In the original Windows Phone 7 Series announcement at Mobile World Congress 2010, Joe Belfiore commented that the phone is more than just the Mobile IE we see in Windows Mobile 6.5 and its predecessors. He said it came from the desktop browser code-base. This alone doesn't mean much, but when he called out the sub-pixel text rendering, my mind started adding things up. Is this IE9 on Windows Phone!? Nobody has said that, but you have to wonder. I've read that Windows Phone 7 Series is based on IE7 with some back-ported features from IE8, but that doesn't really make sense, when you consider that sub-pixel rendering is only coming in the next version of the browser. I still have to wonder about this. It doesn't make sense to back-port that feature two versions. Maybe it's IE8 with that one feature back-ported, but maybe it's IE9. If that's the case, IE9 will need to be on a hyperactive beta period and, as I mentioned before, they definitely aren't close to being done, yet, and I'm admittedly not confident they even know how to do that.
5. Where's the Navigation?
I really want to get back to the preview. I'm still annoyed at the fact that I have to get to sites in a hacky way. Why would the IE team do that!? Do they not want us to use the browser? That can't be it. Maybe they didn't have time to finish out the preview and just crammed some stuff together to make the Mix10 keynote. Maybe, but I doubt it. I didn't notice this at first, but the menu options aren't standard. Specifically, there's a "Page" menu instead of a "File" menu. Perhaps I'm reading into this too much, but "Page" sounds like more of a ribbon tab than a menu option. Maybe the reason we're getting such a scaled-back browser is because the old chrome isn't there anymore -- we could be getting the first ribbon-based browser. I'm very excited about this possibility. At the same time, I can't ignore the fact that this will be a very touchie UI, given the ever-popular tab-based browser. IE7 brought me back from Firefox because the UI was slim and just looked and felt more professional. IE9 with a ribbon done right -- extra focus on "done right" -- could seriously bring people back to IE. At the same time, it's an opening for haters to complain about the ribbon. I whole-heartedly believe the ribbon interface is demonstrably better than menu-based interfaces. So much so that, if I had my way, I'd never use another menu-based interface again. I'm not saying the ribbon is the way to go in every case, but I don't know why a traditional menu would ever be the "right" experience. It just isn't optimal.
With all that said, maybe the ribbon isn't the IE team's target. Maybe they've put a lot of thought into how users should be interacting with the browser. In either case, I welcome the change. Chrome took an interesting move with minimization, but I don't think it was drastic enough. Google played it safe with Chrome. Microsoft's not afraid of taking big risks when it comes to user experience -- just look at Office 2007, Windows Phone 7 Series, and even Visual Studio 2010 to a lesser degree.
No matter what happens, I'll be eagerly awaiting either the next preview/beta. At the same time, I'm not holding my breath. The IE team has a lot to prove with respect to being agile and, if they really are creating a new UI, that'll just complicate things more. I'd like to say we'll see something by the end of June, but who knows with that team. All I can say is, IE team, prove me wrong; please, prove me wrong!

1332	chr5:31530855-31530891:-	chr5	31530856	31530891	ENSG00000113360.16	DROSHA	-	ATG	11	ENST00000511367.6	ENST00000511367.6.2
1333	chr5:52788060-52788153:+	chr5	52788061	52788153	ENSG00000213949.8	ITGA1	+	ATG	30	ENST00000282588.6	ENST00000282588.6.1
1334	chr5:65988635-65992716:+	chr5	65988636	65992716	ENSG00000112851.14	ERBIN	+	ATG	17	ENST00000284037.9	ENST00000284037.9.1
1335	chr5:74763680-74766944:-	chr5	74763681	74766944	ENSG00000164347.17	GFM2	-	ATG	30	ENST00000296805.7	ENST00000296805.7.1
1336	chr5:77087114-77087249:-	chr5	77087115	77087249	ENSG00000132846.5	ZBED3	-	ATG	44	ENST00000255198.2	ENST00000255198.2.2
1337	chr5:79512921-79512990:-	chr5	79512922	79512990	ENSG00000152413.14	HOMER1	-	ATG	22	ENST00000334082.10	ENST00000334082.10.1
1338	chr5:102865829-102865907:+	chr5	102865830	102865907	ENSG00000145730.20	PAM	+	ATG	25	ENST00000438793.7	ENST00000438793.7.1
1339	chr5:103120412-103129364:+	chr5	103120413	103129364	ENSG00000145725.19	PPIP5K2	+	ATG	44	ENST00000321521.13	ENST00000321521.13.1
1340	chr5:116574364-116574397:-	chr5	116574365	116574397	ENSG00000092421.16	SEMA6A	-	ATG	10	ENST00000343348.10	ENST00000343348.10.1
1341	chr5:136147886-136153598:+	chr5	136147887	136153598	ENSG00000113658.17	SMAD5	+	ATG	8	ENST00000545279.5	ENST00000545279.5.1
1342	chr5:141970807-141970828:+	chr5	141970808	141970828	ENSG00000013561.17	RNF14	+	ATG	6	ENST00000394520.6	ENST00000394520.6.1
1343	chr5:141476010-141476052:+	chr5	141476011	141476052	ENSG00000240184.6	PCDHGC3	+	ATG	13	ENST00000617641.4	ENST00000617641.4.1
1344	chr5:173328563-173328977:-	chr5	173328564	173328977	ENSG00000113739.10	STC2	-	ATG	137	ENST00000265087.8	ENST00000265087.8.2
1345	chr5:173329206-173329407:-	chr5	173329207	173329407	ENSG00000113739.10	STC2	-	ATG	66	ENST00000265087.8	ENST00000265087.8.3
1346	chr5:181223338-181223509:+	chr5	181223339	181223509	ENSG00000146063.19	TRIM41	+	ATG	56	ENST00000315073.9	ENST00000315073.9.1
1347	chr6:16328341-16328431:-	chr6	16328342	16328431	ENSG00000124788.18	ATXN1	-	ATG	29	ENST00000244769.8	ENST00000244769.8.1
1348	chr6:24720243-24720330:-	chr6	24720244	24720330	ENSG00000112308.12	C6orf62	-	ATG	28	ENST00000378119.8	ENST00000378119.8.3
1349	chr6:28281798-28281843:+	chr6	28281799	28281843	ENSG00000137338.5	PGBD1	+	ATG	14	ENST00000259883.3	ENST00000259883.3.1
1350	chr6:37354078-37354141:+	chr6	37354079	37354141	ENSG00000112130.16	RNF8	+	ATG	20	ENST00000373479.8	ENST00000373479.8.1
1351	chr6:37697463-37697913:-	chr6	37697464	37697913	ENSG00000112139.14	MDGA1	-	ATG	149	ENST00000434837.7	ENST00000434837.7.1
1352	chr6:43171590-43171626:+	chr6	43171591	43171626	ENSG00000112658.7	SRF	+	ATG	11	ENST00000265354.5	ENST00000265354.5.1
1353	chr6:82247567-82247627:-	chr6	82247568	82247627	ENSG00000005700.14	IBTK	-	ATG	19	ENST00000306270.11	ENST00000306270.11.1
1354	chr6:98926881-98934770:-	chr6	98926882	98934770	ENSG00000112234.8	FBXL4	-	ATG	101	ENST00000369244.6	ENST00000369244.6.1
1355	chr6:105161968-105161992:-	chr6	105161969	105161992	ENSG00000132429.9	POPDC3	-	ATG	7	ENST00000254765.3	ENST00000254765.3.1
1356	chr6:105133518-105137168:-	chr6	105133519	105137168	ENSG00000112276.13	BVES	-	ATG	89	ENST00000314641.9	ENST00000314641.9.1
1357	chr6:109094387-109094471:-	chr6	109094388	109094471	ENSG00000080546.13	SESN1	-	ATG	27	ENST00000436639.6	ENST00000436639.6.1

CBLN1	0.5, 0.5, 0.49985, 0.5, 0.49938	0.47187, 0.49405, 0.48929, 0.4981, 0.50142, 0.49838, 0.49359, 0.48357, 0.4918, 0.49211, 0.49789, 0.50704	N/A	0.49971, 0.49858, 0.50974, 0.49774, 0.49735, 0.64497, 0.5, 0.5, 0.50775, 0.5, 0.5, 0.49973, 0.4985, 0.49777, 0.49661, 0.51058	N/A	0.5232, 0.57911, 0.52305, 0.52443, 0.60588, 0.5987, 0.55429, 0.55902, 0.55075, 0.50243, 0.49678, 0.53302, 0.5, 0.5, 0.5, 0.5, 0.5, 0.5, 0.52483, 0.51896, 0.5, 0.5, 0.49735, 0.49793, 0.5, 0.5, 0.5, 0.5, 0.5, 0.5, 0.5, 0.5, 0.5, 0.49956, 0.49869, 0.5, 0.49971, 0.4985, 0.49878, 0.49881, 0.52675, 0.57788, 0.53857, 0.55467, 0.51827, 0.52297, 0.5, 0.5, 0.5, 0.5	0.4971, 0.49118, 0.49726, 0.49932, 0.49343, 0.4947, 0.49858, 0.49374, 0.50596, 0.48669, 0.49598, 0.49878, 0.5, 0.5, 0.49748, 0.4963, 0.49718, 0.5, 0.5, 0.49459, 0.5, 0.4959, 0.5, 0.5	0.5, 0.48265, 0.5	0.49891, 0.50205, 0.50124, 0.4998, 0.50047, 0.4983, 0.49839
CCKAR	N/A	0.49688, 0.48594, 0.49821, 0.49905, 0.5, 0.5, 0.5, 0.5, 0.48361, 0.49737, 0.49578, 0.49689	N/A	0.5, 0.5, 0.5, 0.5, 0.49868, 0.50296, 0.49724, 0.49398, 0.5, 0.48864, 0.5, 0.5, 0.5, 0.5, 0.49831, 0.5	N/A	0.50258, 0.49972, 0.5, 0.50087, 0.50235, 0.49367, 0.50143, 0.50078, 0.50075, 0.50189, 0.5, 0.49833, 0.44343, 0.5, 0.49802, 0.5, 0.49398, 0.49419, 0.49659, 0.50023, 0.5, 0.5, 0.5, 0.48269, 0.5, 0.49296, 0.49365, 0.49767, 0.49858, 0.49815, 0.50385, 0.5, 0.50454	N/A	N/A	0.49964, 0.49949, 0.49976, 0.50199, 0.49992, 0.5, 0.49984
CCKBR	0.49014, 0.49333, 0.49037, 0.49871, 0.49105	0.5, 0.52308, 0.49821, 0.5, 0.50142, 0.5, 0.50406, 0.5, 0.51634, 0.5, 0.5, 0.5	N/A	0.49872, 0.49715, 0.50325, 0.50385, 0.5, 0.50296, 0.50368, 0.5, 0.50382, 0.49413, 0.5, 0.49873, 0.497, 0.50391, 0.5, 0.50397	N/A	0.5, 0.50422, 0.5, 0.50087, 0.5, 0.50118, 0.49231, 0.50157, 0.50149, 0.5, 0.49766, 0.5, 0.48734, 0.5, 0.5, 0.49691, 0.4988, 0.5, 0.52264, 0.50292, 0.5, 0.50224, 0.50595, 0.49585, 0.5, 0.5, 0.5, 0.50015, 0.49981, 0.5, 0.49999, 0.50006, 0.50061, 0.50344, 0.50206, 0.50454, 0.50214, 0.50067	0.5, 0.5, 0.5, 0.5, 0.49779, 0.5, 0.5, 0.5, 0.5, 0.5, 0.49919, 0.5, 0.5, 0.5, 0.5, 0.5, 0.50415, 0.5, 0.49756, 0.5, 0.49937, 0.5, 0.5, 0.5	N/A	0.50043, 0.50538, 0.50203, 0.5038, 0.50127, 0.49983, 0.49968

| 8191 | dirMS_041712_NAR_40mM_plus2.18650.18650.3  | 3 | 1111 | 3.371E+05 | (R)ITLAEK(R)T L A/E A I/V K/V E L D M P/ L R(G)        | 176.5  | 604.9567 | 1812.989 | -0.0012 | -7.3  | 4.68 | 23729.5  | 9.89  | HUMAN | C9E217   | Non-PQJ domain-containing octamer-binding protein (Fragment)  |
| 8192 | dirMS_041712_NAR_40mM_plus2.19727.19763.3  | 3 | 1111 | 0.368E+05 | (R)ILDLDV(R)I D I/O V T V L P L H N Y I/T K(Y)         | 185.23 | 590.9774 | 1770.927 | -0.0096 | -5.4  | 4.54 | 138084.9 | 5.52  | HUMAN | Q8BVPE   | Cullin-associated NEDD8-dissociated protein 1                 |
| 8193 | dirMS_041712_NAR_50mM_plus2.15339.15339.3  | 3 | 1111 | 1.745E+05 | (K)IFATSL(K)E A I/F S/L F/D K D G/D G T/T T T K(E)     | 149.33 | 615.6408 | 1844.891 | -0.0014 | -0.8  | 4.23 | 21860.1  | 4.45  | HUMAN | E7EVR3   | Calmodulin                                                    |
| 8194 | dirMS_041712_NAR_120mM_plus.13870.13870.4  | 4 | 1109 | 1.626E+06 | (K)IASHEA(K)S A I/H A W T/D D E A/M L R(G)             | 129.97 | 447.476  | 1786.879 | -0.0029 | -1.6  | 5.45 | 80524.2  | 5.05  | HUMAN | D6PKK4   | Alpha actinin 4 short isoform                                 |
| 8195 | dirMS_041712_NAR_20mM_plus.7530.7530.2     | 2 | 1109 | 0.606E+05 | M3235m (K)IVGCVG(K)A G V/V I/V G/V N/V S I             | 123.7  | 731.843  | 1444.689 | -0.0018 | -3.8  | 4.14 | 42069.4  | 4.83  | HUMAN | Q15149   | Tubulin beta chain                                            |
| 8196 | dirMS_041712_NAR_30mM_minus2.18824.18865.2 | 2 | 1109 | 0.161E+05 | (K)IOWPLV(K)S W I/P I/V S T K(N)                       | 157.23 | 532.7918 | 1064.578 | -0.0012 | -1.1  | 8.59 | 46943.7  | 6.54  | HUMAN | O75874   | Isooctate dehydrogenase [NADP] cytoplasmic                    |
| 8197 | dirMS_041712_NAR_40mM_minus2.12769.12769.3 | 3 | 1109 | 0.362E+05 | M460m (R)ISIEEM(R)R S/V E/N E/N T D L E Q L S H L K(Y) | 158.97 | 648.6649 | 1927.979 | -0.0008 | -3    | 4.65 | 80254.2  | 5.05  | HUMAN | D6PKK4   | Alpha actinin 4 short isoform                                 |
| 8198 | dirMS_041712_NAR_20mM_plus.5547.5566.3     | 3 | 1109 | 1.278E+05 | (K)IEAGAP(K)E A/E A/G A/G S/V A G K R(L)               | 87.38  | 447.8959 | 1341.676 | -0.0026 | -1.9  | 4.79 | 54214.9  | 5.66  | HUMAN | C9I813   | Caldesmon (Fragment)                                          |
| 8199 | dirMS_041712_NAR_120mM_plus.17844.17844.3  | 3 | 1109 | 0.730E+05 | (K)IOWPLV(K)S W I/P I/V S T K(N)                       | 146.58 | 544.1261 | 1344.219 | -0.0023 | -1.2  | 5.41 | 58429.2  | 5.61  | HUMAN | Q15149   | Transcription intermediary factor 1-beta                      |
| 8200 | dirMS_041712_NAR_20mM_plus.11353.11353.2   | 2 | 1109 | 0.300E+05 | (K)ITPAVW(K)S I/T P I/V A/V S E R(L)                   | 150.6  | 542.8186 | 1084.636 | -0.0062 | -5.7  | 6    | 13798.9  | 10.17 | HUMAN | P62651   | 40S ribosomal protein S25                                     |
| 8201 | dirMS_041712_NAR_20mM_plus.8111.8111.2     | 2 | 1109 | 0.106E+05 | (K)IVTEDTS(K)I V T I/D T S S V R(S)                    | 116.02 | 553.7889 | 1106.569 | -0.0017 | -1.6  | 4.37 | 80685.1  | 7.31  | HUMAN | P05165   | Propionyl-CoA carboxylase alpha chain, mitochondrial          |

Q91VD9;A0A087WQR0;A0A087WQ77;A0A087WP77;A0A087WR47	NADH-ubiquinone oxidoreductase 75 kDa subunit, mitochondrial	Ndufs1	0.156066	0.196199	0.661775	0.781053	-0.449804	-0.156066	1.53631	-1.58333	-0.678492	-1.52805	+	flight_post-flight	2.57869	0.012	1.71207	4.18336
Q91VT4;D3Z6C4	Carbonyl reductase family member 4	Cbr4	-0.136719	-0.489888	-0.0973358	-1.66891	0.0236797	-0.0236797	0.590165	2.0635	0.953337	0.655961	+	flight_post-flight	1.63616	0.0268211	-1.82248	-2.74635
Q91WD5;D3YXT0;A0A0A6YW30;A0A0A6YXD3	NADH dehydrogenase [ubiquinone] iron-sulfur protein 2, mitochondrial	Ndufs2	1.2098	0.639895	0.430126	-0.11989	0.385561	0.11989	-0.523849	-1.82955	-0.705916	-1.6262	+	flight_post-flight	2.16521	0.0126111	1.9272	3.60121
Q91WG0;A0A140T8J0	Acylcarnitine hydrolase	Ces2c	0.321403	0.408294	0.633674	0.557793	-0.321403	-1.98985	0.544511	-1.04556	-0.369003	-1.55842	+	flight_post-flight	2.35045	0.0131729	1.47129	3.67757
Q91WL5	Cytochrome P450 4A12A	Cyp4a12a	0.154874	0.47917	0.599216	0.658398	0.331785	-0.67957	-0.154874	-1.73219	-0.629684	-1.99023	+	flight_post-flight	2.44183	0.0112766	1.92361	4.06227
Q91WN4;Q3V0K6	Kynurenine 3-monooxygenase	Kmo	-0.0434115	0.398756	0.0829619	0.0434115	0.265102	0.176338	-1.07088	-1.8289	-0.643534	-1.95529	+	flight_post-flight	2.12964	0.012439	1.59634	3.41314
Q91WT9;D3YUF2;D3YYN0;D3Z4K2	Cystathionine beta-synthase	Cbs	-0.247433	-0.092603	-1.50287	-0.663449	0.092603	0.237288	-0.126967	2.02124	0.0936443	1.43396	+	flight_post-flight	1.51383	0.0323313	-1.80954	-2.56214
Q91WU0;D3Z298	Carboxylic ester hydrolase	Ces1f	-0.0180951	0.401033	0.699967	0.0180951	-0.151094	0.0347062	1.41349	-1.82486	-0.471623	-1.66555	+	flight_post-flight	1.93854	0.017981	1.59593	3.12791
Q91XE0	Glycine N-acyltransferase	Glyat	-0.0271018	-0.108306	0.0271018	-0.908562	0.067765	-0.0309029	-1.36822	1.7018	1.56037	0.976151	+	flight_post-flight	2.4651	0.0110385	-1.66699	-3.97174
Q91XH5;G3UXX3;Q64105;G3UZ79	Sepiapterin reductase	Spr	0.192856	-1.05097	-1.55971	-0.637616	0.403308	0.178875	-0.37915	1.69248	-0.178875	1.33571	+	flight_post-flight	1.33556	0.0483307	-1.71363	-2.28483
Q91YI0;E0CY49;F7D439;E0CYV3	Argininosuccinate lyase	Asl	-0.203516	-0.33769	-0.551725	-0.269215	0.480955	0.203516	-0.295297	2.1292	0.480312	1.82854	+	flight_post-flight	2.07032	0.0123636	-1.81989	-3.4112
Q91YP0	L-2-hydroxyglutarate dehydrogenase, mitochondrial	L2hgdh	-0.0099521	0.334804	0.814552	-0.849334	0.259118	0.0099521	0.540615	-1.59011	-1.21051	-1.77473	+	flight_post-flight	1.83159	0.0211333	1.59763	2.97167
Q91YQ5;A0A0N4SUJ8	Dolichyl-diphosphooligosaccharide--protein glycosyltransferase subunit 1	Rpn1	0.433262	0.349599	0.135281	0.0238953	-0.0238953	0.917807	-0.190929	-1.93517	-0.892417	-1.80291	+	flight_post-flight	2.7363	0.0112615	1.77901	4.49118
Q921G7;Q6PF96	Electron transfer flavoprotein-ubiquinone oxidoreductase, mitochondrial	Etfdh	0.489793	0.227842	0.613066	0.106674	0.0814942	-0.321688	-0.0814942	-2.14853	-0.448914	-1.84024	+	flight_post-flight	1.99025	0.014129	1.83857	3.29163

Gartner recently released a smart phone market forecast, which looks at prior and predicted market share fluctuations from 2007 to 2013. I found some very interesting, but quite explainable predictions. I recommend taking a look at it yourself, but here are a few teasers.
The overall market has grown ~1.5x in 2 years and is expected to grow ~3.6x over the next 4 years. The ratio of consumer-to-business phones wavers, but remains about 3:1 throughout the assessed time frame.
Gartner predicts Android quadrupling its market over the next 4 years, ending up #2 in the market. This is likely due to the open nature of the platform. While I agree with a large growth, 4x isn't quite what I'd expect. Seeing this, you're likely to suspect other big changes, too. I think you'll be surprised with Gartner's numbers, tho.
Blackberry is estimated to steadily decline over the coming years, ultimately dropping 6% from their current standing. From #3 in 2007 to #2 in 2008 thru 2010 to #4 in 2013. A thought-provoking rise and decline, but it shows how Blackberry isn't quite the innovator they'd like to be.
For what most believe is the golden child of the mobile market, Gartner doesn't have much faith in the iPhone platform. iPhone tripled its market share from 2007 to 2008, then grew 50% in 2009. Most would think this would continue to shoot up over the coming years, but Gartner begs to differ. Gartner predicts only minor growth year over year thru 2013. They foresee a 10% growth by next year, virtually no growth the next, and a very trivial 1% growth in 2013. From here on out, the iPhone is expected to remain a #3 player thru 2013. Apple brought an interesting player to the market a few years back, but Gartner seems to believe that's where their innovation stops. I was very surprised to see the dwindling growth.
Given the fact that we know Symbian is #1 today and we've already covered the #2, #3, and #4 players, you might expect to see Symbian in the #1 spot. Well... you'd be right. Gartner sees Symbian maintaining their place, but I speculate this isn't -- nor has it been -- due to superior innovation in the market. It's only a matter of time before other players take over. I suspect (not Gartner) they'll drop to #2 by 2016 as other players drive advancements.